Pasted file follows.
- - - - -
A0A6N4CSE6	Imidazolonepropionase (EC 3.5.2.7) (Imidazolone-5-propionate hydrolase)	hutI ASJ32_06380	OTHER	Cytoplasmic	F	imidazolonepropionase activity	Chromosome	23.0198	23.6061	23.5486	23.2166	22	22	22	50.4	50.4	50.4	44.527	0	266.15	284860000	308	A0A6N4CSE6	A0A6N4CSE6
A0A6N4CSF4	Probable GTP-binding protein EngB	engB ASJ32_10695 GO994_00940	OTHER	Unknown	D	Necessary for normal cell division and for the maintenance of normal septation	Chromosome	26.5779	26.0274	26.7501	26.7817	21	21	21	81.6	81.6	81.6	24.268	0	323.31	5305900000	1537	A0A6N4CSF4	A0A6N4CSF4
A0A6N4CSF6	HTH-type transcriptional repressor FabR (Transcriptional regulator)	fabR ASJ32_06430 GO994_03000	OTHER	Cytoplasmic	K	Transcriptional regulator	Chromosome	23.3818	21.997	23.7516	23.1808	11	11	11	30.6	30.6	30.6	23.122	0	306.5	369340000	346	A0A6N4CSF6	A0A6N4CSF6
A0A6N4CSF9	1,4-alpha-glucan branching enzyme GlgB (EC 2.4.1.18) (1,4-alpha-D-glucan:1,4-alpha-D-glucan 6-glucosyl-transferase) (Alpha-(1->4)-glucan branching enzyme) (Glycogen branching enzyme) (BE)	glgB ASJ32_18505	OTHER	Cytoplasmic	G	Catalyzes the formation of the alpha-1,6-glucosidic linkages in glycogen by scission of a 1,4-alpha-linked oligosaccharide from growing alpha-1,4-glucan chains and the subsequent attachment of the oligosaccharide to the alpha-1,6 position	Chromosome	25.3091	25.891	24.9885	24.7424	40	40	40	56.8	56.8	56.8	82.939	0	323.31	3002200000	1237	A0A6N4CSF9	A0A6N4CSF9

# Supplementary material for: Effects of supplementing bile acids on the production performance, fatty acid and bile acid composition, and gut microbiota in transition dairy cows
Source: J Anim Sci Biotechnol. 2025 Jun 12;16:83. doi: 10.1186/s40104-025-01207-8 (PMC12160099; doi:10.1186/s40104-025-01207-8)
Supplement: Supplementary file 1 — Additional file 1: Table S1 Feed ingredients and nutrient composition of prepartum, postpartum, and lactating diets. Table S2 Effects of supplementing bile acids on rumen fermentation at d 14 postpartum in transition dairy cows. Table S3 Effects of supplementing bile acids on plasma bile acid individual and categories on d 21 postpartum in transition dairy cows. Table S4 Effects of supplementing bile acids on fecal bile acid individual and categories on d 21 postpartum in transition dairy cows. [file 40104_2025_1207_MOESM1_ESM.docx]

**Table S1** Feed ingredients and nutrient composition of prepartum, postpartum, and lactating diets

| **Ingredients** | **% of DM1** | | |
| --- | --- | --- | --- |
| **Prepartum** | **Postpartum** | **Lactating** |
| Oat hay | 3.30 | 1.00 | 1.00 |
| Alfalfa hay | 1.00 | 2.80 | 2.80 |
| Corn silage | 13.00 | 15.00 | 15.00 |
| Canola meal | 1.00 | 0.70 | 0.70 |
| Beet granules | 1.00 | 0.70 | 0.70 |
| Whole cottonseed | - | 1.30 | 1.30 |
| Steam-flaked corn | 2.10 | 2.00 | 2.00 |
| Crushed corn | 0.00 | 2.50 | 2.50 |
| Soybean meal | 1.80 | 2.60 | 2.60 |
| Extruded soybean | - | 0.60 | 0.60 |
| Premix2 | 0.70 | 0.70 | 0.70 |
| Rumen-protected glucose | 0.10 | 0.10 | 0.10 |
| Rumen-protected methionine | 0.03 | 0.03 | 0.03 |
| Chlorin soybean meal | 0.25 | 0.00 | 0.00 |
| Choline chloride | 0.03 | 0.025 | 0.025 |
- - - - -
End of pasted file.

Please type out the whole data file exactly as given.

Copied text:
A0A6N4CSE6	Imidazolonepropionase (EC 3.5.2.7) (Imidazolone-5-propionate hydrolase)	hutI ASJ32_06380	OTHER	Cytoplasmic	F	imidazolonepropionase activity	Chromosome	23.0198	23.6061	23.5486	23.2166	22	22	22	50.4	50.4	50.4	44.527	0	266.15	284860000	308	A0A6N4CSE6	A0A6N4CSE6
A0A6N4CSF4	Probable GTP-binding protein EngB	engB ASJ32_10695 GO994_00940	OTHER	Unknown	D	Necessary for normal cell division and for the maintenance of normal septation	Chromosome	26.5779	26.0274	26.7501	26.7817	21	21	21	81.6	81.6	81.6	24.268	0	323.31	5305900000	1537	A0A6N4CSF4	A0A6N4CSF4
A0A6N4CSF6	HTH-type transcriptional repressor FabR (Transcriptional regulator)	fabR ASJ32_06430 GO994_03000	OTHER	Cytoplasmic	K	Transcriptional regulator	Chromosome	23.3818	21.997	23.7516	23.1808	11	11	11	30.6	30.6	30.6	23.122	0	306.5	369340000	346	A0A6N4CSF6	A0A6N4CSF6
A0A6N4CSF9	1,4-alpha-glucan branching enzyme GlgB (EC 2.4.1.18) (1,4-alpha-D-glucan:1,4-alpha-D-glucan 6-glucosyl-transferase) (Alpha-(1->4)-glucan branching enzyme) (Glycogen branching enzyme) (BE)	glgB ASJ32_18505	OTHER	Cytoplasmic	G	Catalyzes the formation of the alpha-1,6-glucosidic linkages in glycogen by scission of a 1,4-alpha-linked oligosaccharide from growing alpha-1,4-glucan chains and the subsequent attachment of the oligosaccharide to the alpha-1,6 position	Chromosome	25.3091	25.891	24.9885	24.7424	40	40	40	56.8	56.8	56.8	82.939	0	323.31	3002200000	1237	A0A6N4CSF9	A0A6N4CSF9

# Supplementary material for: Effects of supplementing bile acids on the production performance, fatty acid and bile acid composition, and gut microbiota in transition dairy cows
Source: J Anim Sci Biotechnol. 2025 Jun 12;16:83. doi: 10.1186/s40104-025-01207-8 (PMC12160099; doi:10.1186/s40104-025-01207-8)
Supplement: Supplementary file 1 — Additional file 1: Table S1 Feed ingredients and nutrient composition of prepartum, postpartum, and lactating diets. Table S2 Effects of supplementing bile acids on rumen fermentation at d 14 postpartum in transition dairy cows. Table S3 Effects of supplementing bile acids on plasma bile acid individual and categories on d 21 postpartum in transition dairy cows. Table S4 Effects of supplementing bile acids on fecal bile acid individual and categories on d 21 postpartum in transition dairy cows. [file 40104_2025_1207_MOESM1_ESM.docx]

**Table S1** Feed ingredients and nutrient composition of prepartum, postpartum, and lactating diets

| **Ingredients** | **% of DM1** | | |
| --- | --- | --- | --- |
| **Prepartum** | **Postpartum** | **Lactating** |
| Oat hay | 3.30 | 1.00 | 1.00 |
| Alfalfa hay | 1.00 | 2.80 | 2.80 |
| Corn silage | 13.00 | 15.00 | 15.00 |
| Canola meal | 1.00 | 0.70 | 0.70 |
| Beet granules | 1.00 | 0.70 | 0.70 |
| Whole cottonseed | - | 1.30 | 1.30 |
| Steam-flaked corn | 2.10 | 2.00 | 2.00 |
| Crushed corn | 0.00 | 2.50 | 2.50 |
| Soybean meal | 1.80 | 2.60 | 2.60 |
| Extruded soybean | - | 0.60 | 0.60 |
| Premix2 | 0.70 | 0.70 | 0.70 |
| Rumen-protected glucose | 0.10 | 0.10 | 0.10 |
| Rumen-protected methionine | 0.03 | 0.03 | 0.03 |
| Chlorin soybean meal | 0.25 | 0.00 | 0.00 |
| Choline chloride | 0.03 | 0.025 | 0.025 |